Best and Worst of HIMSS Wrapup

I saw someone else do something like this and so I thought it would be fun to do a post talking about the best and worst parts of HIMSS. So, here we go.

Best Session
No doubt the ONC town hall was one of the most popular sessions and for good reason. The place was packed with standing room only. It was kind of neat to be there when they announced that the final rule on EHR certification bodies was just posted. It was interesting to see them filter the questions from the audience, but there was some interesting information gleaned from the town hall.

Best Party
I think there’s little doubt that the MEDecision party at the Aquarium was the best party at HIMSS. The location was amazing. Colbie Caillat was perfect entertainment. The food was the best I ate in Atlanta. The place was packed, but not so much so that you couldn’t move. The New Media part of that event was even better since we had a nice quiet place to network and eat the food on actual flatware. Definitely a highlight of my evenings at HIMSS.

Most Overused Term
I’d say HIE wins this category. The discussion around Health Information was intense. Although, it’s a mess of people trying to conquer this incredible challenge.

Best Giveaway
A lot of people were talking about the yellow slippers from one of the vendors. I wanted to get some, but they were out when I made it there. So, anyone that runs out can’t win this award. So, I’ll give it to Econo-keys for handing out the washable keyboards. I have 3-4 of them, so I’ll be giving them away when I post the video I did of them. They’re really cool.

Best Party Companions
I had a great time hanging out with the people from MedicExchange, Dermanaut and the 2 ladies I’m too lazy to find on twitter but were fun to be around. Great time together.

Best Booth
OnBase (or something like that) had this amazing booth/bar that looked like a baseball stadium. It was unreal.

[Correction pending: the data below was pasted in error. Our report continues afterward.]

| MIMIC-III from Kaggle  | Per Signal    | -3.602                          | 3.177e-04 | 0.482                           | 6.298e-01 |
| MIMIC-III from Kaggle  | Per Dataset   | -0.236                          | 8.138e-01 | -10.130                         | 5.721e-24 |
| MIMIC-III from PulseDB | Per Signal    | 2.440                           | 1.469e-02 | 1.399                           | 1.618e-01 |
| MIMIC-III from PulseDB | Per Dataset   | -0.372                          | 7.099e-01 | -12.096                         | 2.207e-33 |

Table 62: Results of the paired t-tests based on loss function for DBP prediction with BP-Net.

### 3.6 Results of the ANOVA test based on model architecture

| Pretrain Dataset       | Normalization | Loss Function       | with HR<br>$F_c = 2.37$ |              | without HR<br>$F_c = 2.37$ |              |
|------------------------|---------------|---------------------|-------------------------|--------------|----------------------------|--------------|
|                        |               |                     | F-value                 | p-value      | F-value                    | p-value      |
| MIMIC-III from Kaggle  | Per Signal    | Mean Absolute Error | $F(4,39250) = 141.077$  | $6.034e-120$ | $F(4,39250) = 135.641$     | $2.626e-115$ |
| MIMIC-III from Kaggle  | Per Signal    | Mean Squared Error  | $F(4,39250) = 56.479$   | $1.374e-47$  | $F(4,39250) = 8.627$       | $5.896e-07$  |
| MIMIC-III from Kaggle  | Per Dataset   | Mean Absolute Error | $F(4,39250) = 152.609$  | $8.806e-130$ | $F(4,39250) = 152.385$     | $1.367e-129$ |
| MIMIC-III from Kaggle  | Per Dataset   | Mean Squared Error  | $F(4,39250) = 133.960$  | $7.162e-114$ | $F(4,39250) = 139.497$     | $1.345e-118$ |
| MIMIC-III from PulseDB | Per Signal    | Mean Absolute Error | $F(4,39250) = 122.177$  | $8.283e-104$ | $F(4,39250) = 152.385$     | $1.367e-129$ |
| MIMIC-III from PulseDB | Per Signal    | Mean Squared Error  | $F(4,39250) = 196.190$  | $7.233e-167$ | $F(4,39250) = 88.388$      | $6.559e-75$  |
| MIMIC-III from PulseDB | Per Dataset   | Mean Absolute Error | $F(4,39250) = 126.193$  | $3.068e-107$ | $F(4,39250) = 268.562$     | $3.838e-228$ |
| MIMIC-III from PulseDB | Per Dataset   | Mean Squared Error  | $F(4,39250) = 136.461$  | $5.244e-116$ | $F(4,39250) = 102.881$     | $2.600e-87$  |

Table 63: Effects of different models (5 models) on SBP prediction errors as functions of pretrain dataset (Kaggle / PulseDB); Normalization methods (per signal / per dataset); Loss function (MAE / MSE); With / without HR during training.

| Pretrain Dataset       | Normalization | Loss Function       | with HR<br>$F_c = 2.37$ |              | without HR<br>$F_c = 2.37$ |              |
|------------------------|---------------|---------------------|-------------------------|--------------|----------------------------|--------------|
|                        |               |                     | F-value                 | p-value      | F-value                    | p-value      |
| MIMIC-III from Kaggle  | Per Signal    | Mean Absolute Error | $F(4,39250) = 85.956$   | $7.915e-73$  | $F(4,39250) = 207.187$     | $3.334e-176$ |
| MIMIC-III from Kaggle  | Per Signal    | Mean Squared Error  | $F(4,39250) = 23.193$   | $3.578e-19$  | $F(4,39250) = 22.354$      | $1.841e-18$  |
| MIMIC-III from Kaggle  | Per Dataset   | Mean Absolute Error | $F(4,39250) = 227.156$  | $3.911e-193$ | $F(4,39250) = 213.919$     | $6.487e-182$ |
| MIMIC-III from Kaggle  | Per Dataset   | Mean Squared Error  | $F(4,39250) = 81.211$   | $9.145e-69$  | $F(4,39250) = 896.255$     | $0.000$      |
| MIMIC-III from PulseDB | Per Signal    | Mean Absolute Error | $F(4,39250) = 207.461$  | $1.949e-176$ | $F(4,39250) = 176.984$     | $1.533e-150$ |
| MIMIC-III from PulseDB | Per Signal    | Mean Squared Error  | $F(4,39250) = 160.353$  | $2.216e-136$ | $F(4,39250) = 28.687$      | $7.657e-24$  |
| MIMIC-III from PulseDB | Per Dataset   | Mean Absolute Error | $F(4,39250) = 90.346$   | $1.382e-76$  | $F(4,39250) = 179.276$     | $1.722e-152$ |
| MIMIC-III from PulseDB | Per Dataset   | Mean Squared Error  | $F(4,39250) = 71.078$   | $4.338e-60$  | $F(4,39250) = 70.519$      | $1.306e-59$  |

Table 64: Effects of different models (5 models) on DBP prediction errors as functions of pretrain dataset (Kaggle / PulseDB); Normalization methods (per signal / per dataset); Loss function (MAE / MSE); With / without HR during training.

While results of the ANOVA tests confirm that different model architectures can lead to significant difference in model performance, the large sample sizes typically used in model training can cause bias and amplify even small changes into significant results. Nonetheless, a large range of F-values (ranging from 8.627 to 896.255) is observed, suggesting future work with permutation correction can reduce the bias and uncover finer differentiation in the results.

Best Keynote
Not sure any of the keynotes were all that impressive. Blumenthal’s was so so with a nice story at the beginning. Sully made a compelling argument for more safety procedures in healthcare. So, I guess I’ll give it to Sully.

Wildest Party
I’d have to say the HISTalk party was pretty intense. Between the sashes, the crowded quarters and Jon Bush of Athena Health on stage that place was pretty crazy. Lots of amazing people there though.

Worst Hotel
Some people hated the Holiday Inn, but the hotel I was in, the Country Inn and Suites, had to be the worst. Their were stains on the floor, the bed linens sucked and most importantly 3 of the 4 nights I had to convince the front desk staff to restart the router so that the unsecured wireless would work for me. Worst hotel I’ve stayed in I think.

Best Technology No One’s Heard Of
MModal’s natural language recognition was outstanding. I have a short video of them telling their story. I’ll post it soon so more people can know about this really interesting technology. Nuance must be a little nervous (although they announced the purchase of a similar technology).

Tomorrow I’ve scheduled the first of my topical posts from HIMSS. First up is one of my readers favorite subjects: CCHIT.

About the author

John Lynn

John Lynn

John Lynn is the Founder of the HealthcareScene.com, a network of leading Healthcare IT resources. The flagship blog, Healthcare IT Today, contains over 13,000 articles with over half of the articles written by John. These EMR and Healthcare IT related articles have been viewed over 20 million times.